“Thanks, B,” says Lark. Wheat and the rest of the wolves nod. “We need to talk with Little Scout. Quick Scout, we’ll need you to go find out about that coffee instead.” Quick Scout, an almost white wolf with black paws, barks and darts out of the clearing. Wheat picks up the bag. They nod to Beulah and run in the other direction, toward their den.

Beulah looks at her three growing boys browsing the young fir saplings. The wolves are known to be fierce protectors of the valley, and what bothers them should bother all. It hadn’t occurred to her to be concerned until seeing Lark’s furrowed brow. She feels a new pressure, like the barely detectable breeze before a gathering storm.

“Boys,” she says. “Let’s head back.”

The Bishop Family Weekly Update: December 14, 2012

The Bishop Family Weekly UpdateWeekly? We’re calling it weekly? But it’s once a year, right? Well, yes, strictly speaking, we only publish our weekly update once a year, but it’s coming out during a week, so what’s the problem? Got ya there.

The Bishop Family Weekly UpdateSo what went down this year? Let’s start with Connor. This sharp little guy is in his second year of school and is kicking serious butt. The words are really starting to flow, too, as people who don’t know him are starting to understand his speech. That’s huge.

He’s also a mountaineer. He climbed the entire Flume Slide Trail in NH and has also hung bear bags, built mound fires and can dig and use a cathole. Okay, Daddy helped.

Oh, he runs. And swims. Unassisted. When the training wheels come off in the spring we’ll have a triathlete.

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The Last Mountain

The Last Mountain - Hiking The New Hampshire 4K's With The Kids | MyLeftOne“Did you come up the auto road or the cog railway?” the woman asked my son Connor on the summit of Mount Washington. He didn’t have many words at age three, so he simply pointed down the mountain and said “There.” She followed his view down toward Tuckerman Ravine, which I had just climbed on foot from Pinkham Notch, with Connor on my back.

It’s a question I’d heard before, when my daughter Riley was three. That time we were at the Lakes of the Clouds hut for the evening. Again, the answer was neither; We’d hiked the southern Presidentials with her on foot for part of the way.

Yes, I’ve been climbing 4,000’ mountains with a pre-schooler in a backpack.

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Running The Gauntlet: Three Races In Three Weeks

This is a big week for me.

Rye on Mount Lafayette | Finishing the NH4KActually, it’s a big three weeks. First, I completed New Hampshire’s list of 4,000 foot mountains on Saturday. Mts Lincoln and Lafayette were number 47 and 48, all done while carrying a small child most of the way, and there will be a trip report on that later.

This hike was a day after I ran 9 miles in preparation for the Applefest Half Marathon in Hollis, NH, taking on the famous hills on Wheeler Road. But the biggest challenge was the next day, Sunday morning. I was scheduled to go out and run 20 miles.

Can I do that the day after a 9 mile hike that gained 3,200′ while carrying 60 lbs much of the way? Is that physically allowed?

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Baxter State Park: A Crossing Through Pogy Notch

View of Mount Katahdin from Sandy Stream PondI call it “The Look”.

All parents have seen it. Sometimes it’s disapproval, sometimes condescension, sometimes it’s support, and sometimes it’s surprise. Our kids do something where other people are present, and we see The Look. Someone’s eyebrow raises, a lip curls, a nose flares. Behind it is a thought, usually something like, “Are you going to let him do that?”.

In my case, someone’s jaw drops open, and the thought is more like, “You must be kidding.” I love that.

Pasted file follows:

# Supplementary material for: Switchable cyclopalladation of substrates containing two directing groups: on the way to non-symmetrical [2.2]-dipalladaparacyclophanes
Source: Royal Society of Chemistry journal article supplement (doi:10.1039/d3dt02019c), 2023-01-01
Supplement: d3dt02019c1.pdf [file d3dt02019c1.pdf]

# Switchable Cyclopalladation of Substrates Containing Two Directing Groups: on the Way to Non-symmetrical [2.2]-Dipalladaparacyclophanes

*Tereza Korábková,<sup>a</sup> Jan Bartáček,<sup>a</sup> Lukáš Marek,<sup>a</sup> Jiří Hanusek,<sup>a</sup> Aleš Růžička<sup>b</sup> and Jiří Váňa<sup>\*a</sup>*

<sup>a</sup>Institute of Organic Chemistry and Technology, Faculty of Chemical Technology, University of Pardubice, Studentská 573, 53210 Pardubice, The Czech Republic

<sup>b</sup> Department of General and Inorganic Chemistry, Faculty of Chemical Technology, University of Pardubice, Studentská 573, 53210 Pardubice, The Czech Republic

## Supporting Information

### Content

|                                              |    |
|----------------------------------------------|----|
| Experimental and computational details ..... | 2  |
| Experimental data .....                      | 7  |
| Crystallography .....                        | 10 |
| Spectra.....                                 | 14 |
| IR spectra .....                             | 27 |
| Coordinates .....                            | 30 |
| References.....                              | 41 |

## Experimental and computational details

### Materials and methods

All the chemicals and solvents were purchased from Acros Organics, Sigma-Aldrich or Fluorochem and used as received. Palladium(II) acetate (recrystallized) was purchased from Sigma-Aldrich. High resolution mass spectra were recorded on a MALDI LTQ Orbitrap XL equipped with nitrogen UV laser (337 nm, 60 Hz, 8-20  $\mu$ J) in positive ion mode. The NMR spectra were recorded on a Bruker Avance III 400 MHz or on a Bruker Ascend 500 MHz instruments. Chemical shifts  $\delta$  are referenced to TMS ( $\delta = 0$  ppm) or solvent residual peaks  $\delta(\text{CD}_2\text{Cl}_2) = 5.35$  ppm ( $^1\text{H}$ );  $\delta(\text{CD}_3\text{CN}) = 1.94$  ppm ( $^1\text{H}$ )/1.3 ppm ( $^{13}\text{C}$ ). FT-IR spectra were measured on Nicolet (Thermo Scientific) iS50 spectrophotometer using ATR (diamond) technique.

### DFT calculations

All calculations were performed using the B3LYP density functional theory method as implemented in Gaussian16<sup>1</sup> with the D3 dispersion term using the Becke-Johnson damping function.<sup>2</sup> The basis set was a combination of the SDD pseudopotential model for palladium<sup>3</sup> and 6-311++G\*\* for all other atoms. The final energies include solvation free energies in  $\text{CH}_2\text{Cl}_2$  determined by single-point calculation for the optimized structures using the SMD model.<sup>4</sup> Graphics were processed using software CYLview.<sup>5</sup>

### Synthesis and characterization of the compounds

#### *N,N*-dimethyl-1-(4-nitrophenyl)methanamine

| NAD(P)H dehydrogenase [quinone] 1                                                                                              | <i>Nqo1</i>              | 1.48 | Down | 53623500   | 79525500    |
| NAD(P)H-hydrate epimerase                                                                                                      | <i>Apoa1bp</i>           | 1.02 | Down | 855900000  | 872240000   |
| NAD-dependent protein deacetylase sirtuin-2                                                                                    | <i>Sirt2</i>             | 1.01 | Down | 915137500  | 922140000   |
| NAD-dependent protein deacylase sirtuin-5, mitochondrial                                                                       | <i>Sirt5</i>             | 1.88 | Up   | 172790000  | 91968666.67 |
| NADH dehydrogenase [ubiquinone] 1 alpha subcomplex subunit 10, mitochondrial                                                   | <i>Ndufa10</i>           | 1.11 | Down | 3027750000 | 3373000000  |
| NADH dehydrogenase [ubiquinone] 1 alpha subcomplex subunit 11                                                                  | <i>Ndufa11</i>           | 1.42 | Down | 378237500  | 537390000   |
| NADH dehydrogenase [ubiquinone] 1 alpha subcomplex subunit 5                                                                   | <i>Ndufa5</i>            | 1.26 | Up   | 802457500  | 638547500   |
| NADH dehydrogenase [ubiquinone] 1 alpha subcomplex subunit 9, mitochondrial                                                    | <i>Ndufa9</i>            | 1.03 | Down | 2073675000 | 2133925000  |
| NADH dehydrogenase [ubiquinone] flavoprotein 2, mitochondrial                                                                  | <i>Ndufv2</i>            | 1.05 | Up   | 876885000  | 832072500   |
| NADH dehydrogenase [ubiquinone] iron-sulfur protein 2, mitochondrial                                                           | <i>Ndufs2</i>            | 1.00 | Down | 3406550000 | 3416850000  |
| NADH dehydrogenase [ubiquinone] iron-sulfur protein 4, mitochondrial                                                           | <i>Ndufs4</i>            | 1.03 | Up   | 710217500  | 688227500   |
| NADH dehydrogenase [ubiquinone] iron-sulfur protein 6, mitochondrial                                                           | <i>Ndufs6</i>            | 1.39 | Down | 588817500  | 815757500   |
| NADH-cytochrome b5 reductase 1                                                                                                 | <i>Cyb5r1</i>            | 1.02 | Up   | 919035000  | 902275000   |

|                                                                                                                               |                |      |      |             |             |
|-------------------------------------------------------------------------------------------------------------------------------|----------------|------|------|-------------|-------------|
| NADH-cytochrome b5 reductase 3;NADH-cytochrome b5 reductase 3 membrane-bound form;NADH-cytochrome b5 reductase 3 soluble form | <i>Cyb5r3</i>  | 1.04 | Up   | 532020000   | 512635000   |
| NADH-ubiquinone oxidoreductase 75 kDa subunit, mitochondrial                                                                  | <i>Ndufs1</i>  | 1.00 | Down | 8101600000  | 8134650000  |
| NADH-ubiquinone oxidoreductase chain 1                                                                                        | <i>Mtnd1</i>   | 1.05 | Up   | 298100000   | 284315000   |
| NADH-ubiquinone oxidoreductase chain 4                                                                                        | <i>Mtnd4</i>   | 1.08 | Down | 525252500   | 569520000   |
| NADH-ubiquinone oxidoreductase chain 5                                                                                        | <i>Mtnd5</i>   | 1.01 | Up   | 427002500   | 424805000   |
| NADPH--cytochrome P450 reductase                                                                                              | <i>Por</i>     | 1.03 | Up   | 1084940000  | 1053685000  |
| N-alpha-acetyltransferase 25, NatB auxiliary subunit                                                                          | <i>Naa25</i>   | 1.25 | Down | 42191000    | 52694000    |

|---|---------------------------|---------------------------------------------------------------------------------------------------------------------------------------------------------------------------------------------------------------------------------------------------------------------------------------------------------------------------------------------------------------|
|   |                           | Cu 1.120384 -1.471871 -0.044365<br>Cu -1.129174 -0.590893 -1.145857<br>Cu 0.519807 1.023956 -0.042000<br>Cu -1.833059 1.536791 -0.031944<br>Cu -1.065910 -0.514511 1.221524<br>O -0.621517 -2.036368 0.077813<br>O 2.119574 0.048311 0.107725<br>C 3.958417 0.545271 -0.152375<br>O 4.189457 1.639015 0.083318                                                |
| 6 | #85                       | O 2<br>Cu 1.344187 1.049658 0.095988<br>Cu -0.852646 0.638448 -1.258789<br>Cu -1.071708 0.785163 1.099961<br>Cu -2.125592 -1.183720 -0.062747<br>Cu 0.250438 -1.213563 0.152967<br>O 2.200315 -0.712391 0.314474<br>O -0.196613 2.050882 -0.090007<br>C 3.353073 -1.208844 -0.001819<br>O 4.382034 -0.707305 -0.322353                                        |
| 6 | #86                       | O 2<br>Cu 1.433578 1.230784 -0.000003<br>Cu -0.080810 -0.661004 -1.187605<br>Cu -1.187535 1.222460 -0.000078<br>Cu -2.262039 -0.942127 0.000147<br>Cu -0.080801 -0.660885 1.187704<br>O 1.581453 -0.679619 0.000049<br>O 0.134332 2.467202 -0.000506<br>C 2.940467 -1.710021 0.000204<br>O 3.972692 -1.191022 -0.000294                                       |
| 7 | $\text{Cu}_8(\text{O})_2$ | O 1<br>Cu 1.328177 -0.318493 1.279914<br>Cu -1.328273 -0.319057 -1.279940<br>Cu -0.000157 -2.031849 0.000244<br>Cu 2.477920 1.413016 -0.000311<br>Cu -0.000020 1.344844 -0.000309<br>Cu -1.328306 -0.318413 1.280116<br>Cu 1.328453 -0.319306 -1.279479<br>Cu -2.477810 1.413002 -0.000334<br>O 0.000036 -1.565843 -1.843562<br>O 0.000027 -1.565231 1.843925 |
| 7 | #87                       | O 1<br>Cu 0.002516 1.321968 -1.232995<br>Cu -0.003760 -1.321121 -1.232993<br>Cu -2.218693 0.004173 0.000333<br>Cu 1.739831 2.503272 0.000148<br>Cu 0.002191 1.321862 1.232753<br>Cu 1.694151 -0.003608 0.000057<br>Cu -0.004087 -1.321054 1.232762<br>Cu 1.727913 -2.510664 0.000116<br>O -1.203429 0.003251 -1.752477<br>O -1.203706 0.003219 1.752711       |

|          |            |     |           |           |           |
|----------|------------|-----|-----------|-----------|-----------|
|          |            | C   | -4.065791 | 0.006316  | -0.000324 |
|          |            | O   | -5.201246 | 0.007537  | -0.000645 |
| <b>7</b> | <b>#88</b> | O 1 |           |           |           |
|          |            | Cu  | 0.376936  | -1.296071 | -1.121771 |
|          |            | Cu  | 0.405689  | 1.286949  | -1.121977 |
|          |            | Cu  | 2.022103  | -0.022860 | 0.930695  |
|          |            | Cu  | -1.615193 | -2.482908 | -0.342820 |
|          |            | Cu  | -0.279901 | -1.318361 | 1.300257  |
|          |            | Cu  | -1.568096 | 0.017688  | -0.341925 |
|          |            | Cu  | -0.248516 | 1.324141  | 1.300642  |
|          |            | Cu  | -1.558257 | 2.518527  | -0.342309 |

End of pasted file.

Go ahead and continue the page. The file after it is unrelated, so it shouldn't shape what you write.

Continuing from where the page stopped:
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Connor Never Gets A Trip Report

I’ve Been Mean.

Connor on Mt. LibertyOn my hiking trips to the White Mountains, Riley and Connor get equal treatment on who comes with me. On some trips it’s Rye, on others it’s the ConMan. Rye has been with me on some of the most glorious trips, like the three-day overnight to Zealand and the Bonds, the Kinsmans, and the South and Middle Carter trip. She’s also been on some of the more strenuous adventures, like last year’s Southern Presi traverse and the Dry River Wilderness.

But Connor’s been on some epic trips too, like Owl’s Head, the Wildcats, and the Willey Range. He’s done a lot of the grittier stuff, like a rainy trip to Mt. Hale, enduring the fog on Mt. Eisenhower, and an overnight on Waumbek where the temps got into the 30’s. He’s climbed the North Tripyramid Slide and the Flume Slide, as well as the steeps of Wildcat Ridge and East Osceola, where he waited while I found a way into the car without keys.

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Mt. Carrigain The Hard Way: 18 Miles In The Pemi Wilderness

The Pemigewasset Wilderness
Imagine an 18-mile trek through barely-traveled wilderness, past forests of birch and pine, the occasional overgrown clearing, constantly accompanied by the rush of a clear river, without seeing another person. That’s the Pemigewasset Wilderness on a Tuesday.

On Monday we got out of Dodge (Eastern Massachusetts) during mid-morning. This was harder than it should have been due to traffic and construction. In fact, it’s extremely frustrating trying to get out of a busy region after everyone is up and about. But we finally headed north, and after swimming above the Basin in Franconia Notch (coooold), and lunch in Woodstock, we headed for Lincoln Woods and set up the tent at the Franconia East campsite, started a fire, then settled in before the 8PM rainstorm began.

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Crushing The Book: Four Hours On The Airline

Tom and Riley Climbing Mt. Adams in the White Mountains

My Life Has Changed.

The weird part is there was no single reason. No job change, family milestone, or graduation caused it. The kids have been around for a few years now, so it’s not that. This just kind of crept up on me, where I’ve become this person who wakes up at the crack of dawn to go running. And lifting, and whatever else it takes to get rid of the extra 50 lbs I’ve picked up.

But I’m not part of the fitness community or anything like that.

Here we are high up on the Durand Ridge of Mt. Adams in New Hampshire, heading along what they call the Knife Edge (I’ve been on Katahdin’s Knife Edge, and there is no comparison – I’d never take one of my kids on Katahdin’s, while Rye is hiking the Durand Ridge on her own). Except for the hour we spent on that ridge, I cruised to the junction of the Airline and Chemin de Dames trails in a little over two hours, where I let Rye hike (which is kinda the point), then powered up the rest of the way in a half hour after Rye got back in the pack. That’s 65 lbs total on my back, and I didn’t just beat the guidebook time, I crushed it.